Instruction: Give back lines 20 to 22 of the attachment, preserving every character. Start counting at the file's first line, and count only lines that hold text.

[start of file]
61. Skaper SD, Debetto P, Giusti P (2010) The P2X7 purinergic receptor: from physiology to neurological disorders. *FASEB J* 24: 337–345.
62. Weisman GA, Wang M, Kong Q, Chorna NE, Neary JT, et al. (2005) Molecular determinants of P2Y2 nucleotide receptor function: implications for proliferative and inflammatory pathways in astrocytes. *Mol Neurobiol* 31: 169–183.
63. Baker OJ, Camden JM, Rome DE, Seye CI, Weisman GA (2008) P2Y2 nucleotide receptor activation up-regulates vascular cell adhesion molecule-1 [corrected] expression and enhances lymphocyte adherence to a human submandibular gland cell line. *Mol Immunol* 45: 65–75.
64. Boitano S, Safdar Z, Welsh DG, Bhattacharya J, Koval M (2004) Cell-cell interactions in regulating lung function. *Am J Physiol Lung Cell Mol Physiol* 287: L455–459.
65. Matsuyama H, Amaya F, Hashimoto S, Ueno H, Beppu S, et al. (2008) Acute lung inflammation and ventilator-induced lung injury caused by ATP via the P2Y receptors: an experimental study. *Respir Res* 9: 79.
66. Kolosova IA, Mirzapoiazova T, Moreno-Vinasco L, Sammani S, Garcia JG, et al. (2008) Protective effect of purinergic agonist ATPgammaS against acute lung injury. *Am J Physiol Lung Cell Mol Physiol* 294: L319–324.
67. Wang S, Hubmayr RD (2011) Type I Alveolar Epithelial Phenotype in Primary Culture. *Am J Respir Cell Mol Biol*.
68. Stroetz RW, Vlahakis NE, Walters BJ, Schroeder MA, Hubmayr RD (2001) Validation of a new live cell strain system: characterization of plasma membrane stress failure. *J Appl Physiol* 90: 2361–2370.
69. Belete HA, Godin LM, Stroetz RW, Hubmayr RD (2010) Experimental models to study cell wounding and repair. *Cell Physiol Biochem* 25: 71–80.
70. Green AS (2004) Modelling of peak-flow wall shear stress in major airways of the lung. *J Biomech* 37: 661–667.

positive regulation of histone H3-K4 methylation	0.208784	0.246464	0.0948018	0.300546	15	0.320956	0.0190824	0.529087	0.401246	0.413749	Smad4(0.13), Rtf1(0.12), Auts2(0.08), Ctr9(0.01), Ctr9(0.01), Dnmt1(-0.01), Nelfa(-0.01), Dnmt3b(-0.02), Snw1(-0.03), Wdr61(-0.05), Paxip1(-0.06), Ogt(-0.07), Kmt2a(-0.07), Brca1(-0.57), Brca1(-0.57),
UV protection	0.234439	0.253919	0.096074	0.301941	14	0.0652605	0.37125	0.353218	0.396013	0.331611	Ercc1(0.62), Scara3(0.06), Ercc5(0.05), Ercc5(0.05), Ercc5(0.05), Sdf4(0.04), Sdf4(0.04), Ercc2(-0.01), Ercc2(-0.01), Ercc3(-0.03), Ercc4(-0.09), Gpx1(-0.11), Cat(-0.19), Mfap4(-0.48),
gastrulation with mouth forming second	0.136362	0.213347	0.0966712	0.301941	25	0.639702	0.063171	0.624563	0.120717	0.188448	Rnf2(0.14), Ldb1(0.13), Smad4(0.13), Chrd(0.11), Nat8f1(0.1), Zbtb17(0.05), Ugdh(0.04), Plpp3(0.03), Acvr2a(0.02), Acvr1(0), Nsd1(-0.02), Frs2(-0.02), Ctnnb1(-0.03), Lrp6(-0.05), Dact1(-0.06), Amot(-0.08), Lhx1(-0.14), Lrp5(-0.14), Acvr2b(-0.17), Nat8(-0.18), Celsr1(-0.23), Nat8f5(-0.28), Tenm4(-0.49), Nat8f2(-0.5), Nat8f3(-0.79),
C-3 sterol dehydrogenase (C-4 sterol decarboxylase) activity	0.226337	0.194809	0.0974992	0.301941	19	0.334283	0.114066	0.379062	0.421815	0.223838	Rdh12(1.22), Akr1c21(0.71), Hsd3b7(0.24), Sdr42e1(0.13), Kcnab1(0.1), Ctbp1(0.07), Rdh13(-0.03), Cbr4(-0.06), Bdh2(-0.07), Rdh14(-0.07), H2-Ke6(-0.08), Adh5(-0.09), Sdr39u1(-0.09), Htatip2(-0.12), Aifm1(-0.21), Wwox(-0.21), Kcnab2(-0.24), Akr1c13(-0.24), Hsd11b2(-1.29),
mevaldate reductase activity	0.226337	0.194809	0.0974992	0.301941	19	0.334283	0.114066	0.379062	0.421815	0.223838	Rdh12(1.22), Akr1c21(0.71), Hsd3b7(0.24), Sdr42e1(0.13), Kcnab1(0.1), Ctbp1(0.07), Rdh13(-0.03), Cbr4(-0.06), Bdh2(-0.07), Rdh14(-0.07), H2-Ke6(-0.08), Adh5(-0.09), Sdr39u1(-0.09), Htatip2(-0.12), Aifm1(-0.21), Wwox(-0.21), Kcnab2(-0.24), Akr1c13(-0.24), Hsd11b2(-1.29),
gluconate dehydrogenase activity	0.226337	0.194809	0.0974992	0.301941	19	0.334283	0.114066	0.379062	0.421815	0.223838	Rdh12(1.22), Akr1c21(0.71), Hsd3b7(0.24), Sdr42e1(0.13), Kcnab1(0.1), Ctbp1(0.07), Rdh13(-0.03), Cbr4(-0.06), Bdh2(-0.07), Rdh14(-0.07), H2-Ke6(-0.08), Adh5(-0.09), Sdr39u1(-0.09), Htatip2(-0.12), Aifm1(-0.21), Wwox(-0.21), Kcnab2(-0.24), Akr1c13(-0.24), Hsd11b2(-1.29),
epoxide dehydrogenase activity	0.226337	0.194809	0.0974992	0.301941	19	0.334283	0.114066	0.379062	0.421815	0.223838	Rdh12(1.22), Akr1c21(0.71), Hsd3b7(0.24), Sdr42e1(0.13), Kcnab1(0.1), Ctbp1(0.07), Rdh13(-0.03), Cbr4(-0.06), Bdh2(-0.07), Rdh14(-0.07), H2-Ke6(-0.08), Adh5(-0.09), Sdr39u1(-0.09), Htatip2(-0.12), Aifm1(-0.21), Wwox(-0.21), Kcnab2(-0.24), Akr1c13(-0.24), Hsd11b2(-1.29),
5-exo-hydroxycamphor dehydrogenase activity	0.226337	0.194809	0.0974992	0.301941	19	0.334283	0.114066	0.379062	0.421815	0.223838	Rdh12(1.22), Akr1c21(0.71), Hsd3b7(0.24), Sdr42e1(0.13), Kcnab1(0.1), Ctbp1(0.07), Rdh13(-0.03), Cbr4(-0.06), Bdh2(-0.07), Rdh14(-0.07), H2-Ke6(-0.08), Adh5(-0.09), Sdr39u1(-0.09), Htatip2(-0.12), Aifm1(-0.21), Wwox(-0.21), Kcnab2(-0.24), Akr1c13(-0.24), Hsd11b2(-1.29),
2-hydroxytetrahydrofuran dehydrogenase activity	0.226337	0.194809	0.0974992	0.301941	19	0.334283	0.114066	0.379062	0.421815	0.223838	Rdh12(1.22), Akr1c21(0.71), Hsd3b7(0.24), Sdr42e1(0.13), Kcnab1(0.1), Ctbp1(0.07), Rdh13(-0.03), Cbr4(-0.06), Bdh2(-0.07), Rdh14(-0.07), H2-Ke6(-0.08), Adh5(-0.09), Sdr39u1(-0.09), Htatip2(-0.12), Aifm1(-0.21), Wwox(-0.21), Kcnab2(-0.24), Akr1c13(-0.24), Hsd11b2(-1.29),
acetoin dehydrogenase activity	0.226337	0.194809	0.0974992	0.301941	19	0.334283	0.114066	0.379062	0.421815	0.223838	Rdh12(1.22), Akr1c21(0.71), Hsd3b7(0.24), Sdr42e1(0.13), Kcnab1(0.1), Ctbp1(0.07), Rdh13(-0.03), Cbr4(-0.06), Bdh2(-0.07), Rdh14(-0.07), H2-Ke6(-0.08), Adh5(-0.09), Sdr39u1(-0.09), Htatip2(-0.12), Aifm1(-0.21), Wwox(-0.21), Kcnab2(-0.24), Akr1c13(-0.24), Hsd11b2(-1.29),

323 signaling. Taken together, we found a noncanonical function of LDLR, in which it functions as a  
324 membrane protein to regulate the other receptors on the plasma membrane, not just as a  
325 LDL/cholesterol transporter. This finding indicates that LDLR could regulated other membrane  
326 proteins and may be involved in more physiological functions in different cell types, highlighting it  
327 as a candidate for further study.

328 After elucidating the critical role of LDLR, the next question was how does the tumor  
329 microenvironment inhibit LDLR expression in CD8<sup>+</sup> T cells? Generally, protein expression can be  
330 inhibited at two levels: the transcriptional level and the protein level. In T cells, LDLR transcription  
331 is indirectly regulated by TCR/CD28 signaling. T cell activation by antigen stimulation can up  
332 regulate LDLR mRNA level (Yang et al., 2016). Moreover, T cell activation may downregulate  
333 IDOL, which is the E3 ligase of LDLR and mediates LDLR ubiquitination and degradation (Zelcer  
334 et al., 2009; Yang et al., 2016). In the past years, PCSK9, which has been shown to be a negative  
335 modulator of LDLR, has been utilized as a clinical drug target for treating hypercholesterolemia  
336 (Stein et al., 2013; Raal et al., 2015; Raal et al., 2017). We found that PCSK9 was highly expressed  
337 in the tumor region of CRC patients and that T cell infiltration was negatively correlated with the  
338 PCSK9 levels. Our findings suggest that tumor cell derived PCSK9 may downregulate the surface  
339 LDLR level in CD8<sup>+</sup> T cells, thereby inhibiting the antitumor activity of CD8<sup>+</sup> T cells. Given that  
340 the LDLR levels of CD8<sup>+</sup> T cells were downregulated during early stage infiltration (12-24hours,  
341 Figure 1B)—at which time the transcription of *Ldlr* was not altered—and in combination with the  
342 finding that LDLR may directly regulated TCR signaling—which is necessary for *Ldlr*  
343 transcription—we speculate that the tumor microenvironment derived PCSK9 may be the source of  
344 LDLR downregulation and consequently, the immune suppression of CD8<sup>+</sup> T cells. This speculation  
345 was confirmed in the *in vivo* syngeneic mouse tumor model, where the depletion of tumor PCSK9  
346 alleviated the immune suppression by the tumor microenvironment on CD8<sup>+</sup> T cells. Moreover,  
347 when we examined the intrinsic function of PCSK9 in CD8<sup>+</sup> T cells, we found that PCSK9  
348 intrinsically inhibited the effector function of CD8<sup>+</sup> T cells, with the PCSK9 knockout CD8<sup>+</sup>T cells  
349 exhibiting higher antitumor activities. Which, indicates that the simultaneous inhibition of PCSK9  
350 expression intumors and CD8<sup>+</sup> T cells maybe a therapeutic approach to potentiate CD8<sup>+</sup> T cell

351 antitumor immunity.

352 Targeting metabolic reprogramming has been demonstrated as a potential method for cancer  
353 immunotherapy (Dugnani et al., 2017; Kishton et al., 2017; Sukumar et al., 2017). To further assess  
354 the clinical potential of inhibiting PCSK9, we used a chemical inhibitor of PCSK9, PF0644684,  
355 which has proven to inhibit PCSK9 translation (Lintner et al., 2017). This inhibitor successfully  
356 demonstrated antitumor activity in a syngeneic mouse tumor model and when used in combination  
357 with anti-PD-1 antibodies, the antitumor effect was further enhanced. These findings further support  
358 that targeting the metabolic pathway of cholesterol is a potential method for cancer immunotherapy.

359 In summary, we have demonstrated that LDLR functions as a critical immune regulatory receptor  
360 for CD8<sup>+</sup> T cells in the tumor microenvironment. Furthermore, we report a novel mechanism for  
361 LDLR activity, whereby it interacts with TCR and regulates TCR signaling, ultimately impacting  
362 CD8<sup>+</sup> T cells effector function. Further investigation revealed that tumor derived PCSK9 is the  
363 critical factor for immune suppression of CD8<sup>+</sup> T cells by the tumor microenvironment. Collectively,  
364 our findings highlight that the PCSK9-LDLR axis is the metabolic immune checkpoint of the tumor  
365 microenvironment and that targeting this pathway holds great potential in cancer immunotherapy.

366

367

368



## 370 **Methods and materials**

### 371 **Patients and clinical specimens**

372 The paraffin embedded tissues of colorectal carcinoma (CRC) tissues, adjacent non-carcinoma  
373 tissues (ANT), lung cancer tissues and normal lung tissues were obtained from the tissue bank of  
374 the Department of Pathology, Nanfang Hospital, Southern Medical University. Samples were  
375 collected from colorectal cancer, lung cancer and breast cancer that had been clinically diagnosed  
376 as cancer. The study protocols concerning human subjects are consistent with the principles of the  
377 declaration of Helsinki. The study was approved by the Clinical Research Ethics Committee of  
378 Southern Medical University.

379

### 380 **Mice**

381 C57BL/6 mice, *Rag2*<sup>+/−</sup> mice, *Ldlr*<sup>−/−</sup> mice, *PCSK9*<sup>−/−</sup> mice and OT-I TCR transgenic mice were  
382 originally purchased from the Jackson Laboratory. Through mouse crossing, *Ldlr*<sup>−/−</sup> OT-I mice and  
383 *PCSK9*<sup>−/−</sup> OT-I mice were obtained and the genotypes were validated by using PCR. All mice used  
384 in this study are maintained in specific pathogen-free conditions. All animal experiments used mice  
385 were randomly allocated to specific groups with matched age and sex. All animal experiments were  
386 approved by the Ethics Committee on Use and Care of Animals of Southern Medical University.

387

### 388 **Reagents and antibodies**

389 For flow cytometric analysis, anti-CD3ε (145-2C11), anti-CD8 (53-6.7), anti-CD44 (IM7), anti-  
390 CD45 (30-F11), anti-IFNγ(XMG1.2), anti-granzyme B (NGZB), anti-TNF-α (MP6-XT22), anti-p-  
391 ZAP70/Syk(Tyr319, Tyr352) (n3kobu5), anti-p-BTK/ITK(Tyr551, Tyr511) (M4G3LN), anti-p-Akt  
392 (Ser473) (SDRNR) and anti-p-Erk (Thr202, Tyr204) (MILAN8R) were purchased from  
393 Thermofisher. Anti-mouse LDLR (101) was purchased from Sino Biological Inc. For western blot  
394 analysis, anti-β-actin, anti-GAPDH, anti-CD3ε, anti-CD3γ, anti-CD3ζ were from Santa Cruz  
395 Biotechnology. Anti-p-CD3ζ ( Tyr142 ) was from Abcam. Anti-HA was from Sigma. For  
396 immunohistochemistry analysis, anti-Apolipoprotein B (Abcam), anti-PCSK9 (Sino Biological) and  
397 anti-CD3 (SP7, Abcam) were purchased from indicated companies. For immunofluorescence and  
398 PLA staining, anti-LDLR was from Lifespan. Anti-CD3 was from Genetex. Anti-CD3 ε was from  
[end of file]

acetoin dehydrogenase activity	0.226337	0.194809	0.0974992	0.301941	19	0.334283	0.114066	0.379062	0.421815	0.223838	Rdh12(1.22), Akr1c21(0.71), Hsd3b7(0.24), Sdr42e1(0.13), Kcnab1(0.1), Ctbp1(0.07), Rdh13(-0.03), Cbr4(-0.06), Bdh2(-0.07), Rdh14(-0.07), H2-Ke6(-0.08), Adh5(-0.09), Sdr39u1(-0.09), Htatip2(-0.12), Aifm1(-0.21), Wwox(-0.21), Kcnab2(-0.24), Akr1c13(-0.24), Hsd11b2(-1.29),

323 signaling. Taken together, we found a noncanonical function of LDLR, in which it functions as a  
324 membrane protein to regulate the other receptors on the plasma membrane, not just as a  